Argentina’s Tainted Judicial System

The mysterious death of Argentine prosecutor Alberto Nisman, who was found dead in his apartment the day before testifying before Congress for accusing the government of Cristina Fernández de...
Source: Rodrigo Abd /AP in Al Jazeera America

The mysterious death of Argentine prosecutor Alberto Nisman, who was found dead in his apartment the day before testifying before Congress for accusing the government of Cristina Fernández de Kirchner of covering up the 1994 bombing of the Argentine Jewish Mutual Aid Association (AMIA) in Buenos Aires, continues to send shockwaves through Argentina. The culture of protest is prominent in Argentina and more so in Buenos Aires. The protest in the capital city last week, which was called by a group of state prosecutors, was attended by tens of thousands of people. Although it was a silent march, its underlying reason was much the same as previous protests – immense discontent with the government. The protest has been described in various ways; the government has called it an attempt to destabilize the state and others have called it an electoral campaign for opposition parties eyeing the presidential election later this year. But the majority of Argentines seem to be simply fed up with their increasingly rogue government.

In a Al Jazeera America report, Carlos Rívolo, a federal prosecutor and an organizer of the march said, “We came to this decision because there was no institutional response from the president – not even words of condolence to the family, nor was there a response from the attorney general – no press conference, no day of mourning, no flags at half-staff.´´

Although there are mixed sentiments among the group of prosecutors that participated in the march, the events that have unfolded since Nisman´s mysterious death only shed more light on the corrupt practice of politics in Argentina.

Kirchner´s government is known to have had a fraught relationship with the judiciary and the Public Ministry. In 2012 Fernández named Alejandra Gils Carbó for an indefinite term as prosecutor general. Then in 2014, Fernández overhauled the judiciary system and implemented several measures, a key one being the transfer of responsibility for investigating cases to the public prosecutor´s office from judges. Fernández, whose term ends in December, is embroiled in multiple court cases. To that extent, the indefinite appointment of Gils Carbó and the overhaul of the legal system are most likely attempts to distribute power to areas of the political system in which she has loyal people who will remain beyond her presidency. Also, the fact that prosecutors have been investigating allegations of the government’s excesses and improprieties – in 2013 there were 35 open but unresolved cases of alleged corruption in the judiciary, out of which 25 current of former government officials were implicated – evidences what kind of relationship (or lack thereof) exists between the prosecutors and the government. According to Rívolo, there are certain liabilities for prosecutors who try to advance cases that implicate the government, those ranging from facing harsh public recrimination to being suspended by the government´s attorney general.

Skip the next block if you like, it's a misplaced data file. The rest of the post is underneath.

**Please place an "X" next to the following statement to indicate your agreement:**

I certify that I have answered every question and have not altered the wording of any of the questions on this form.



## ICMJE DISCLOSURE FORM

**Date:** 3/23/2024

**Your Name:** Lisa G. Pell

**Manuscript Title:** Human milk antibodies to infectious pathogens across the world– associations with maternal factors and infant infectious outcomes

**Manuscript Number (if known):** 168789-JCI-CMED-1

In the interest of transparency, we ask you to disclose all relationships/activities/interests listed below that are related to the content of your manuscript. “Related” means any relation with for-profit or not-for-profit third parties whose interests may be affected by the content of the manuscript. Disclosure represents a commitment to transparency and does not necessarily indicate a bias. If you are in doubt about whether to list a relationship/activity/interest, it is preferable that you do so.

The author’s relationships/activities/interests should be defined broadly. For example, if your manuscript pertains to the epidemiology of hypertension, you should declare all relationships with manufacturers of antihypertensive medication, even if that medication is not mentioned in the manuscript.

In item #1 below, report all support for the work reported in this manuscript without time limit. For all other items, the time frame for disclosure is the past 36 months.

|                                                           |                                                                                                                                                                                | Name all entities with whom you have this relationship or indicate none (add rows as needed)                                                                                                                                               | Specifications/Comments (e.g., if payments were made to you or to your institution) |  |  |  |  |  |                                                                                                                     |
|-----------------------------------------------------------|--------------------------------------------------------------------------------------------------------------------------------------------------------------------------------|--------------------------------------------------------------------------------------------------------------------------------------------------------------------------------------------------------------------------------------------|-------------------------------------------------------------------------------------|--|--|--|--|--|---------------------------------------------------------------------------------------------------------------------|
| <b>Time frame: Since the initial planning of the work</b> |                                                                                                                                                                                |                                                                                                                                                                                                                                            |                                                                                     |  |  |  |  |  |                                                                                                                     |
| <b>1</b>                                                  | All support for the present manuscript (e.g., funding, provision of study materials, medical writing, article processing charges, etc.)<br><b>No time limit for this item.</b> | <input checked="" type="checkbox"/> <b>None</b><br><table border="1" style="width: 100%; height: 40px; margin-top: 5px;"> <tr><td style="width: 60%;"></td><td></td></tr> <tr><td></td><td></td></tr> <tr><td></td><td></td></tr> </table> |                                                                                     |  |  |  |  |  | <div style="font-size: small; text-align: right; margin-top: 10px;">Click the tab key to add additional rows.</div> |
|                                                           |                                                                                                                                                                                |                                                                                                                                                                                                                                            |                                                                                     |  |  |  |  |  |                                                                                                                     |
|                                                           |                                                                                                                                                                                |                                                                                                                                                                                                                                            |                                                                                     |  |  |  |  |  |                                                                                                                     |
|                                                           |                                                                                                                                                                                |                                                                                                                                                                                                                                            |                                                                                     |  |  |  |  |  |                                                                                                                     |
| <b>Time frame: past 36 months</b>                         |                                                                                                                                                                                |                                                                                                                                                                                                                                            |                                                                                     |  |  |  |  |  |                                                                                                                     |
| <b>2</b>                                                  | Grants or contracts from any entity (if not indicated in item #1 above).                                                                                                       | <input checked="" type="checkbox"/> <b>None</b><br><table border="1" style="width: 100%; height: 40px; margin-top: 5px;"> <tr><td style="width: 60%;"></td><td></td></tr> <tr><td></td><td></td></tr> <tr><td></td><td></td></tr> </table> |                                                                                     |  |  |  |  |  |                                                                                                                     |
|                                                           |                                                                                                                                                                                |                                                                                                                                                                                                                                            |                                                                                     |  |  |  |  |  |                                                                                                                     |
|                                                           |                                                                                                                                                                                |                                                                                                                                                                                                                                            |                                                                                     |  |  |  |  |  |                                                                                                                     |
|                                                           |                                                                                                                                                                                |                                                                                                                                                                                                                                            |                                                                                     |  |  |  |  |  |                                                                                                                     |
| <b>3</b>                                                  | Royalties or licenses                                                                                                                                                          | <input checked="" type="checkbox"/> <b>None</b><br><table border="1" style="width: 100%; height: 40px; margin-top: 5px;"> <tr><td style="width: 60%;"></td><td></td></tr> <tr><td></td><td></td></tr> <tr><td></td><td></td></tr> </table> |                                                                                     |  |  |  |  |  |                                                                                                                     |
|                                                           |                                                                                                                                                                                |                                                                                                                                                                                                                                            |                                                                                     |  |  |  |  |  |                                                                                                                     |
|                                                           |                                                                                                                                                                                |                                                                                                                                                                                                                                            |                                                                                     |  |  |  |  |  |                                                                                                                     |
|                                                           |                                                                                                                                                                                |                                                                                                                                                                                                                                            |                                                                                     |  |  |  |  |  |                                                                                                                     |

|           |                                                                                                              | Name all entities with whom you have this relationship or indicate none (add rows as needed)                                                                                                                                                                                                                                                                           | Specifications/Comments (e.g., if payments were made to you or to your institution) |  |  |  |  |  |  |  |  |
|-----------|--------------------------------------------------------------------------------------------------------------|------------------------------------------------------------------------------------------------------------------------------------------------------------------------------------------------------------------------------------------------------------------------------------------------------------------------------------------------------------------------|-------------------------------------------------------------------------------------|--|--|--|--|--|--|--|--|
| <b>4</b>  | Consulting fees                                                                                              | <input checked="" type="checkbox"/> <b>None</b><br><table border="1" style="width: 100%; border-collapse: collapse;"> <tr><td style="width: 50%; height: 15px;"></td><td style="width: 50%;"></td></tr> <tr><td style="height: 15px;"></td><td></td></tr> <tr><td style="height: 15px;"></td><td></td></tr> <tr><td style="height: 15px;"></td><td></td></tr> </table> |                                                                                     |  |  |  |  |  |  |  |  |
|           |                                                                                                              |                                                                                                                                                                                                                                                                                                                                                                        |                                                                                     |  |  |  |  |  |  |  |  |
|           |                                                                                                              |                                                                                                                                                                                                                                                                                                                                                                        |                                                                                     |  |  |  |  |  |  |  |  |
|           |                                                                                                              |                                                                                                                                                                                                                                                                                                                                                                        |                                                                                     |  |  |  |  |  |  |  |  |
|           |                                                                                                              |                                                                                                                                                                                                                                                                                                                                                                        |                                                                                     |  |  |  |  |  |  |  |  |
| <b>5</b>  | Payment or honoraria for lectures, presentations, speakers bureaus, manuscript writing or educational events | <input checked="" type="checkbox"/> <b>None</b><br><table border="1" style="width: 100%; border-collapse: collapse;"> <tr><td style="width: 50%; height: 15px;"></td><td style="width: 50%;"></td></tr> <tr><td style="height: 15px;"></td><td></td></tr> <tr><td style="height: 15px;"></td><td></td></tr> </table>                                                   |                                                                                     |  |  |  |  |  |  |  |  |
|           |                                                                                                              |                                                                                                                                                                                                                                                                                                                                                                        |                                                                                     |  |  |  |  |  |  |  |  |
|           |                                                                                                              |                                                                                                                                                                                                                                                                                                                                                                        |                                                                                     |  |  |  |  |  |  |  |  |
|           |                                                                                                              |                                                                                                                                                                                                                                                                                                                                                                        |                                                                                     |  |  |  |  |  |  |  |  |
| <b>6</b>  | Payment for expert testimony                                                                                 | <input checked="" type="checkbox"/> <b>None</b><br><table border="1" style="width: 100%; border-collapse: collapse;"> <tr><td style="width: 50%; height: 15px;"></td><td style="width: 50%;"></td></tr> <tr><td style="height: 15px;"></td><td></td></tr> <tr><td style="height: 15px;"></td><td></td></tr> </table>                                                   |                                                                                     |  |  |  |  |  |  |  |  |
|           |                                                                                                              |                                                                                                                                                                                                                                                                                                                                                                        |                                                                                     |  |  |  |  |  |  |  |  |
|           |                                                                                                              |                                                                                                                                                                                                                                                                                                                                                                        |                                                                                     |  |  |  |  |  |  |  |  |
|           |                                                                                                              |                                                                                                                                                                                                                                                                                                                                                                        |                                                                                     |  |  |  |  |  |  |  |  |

The Kirchner government has never been one to handle criticism well, and much less so when it comes from the United States. The New York Times reported that Fernández lashed out against the American government for `meddling´ in Argentina´s internal affairs, stating, “We cannot allow them to transfer their conflicts here or try to provoke infighting between Argentines.´´ In another swipe at the U.S., she claimed that “in Argentina, the law rules, while other countries have clandestine prisons and people detained without trial.´´ Clearly, the Argentine – U.S. relationship is still reeling from the hit it took in 2014 in the court battle between Judge Thomas Griesa and Argentina over the government´s refusal to pay back some bondholders after it defaulted in 2001 and again in 2014.

It remains to be seen whether the government can deftly resolve the unraveling socio-political crisis on its hands. But given Fernandez’s track record for handling criticism and allegations of corruption in the past, I do not predict this latest wave of protest dissipating soon, or quietly for that matter. By the same token, mass protests are far too common in Argentina so the probability that these protests will beget any kind of decent response from this government is virtually next to none. Meanwhile, the government could take a step in the right direction and try to properly reform the judiciary. Former prosecutor of the International Criminal Court Luis Moreno Ocampo has called for a “cleanse´´ of the judiciary. “We need to support the good (judges and prosecutors) and purge (the Judiciary) of the bad ones, ´´ he said. Finally, he emphasized the importance of “making a very serious change, a deep one, so that judges are not captured by political power or corruption.´´ Let us hope that it is not time to cry again for Argentina .

Argentina’s Tainted Judicial System
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Kayla Chen

Kayla is a researcher at a consulting firm in Washington, D.C. She received her Master’s degree in International Relations from the Barcelona Institute of International Studies. Previously, she worked for the U.S. State Department, and in the fields of international education, and public relations and communications. Fluent in Spanish and proficient in Mandarin Chinese, Kayla has also spent significant time traveling and working in Latin America, particularly Argentina. Prior to joining the main WIB team, Kayla was a regular International Affairs contributor for more than a year.
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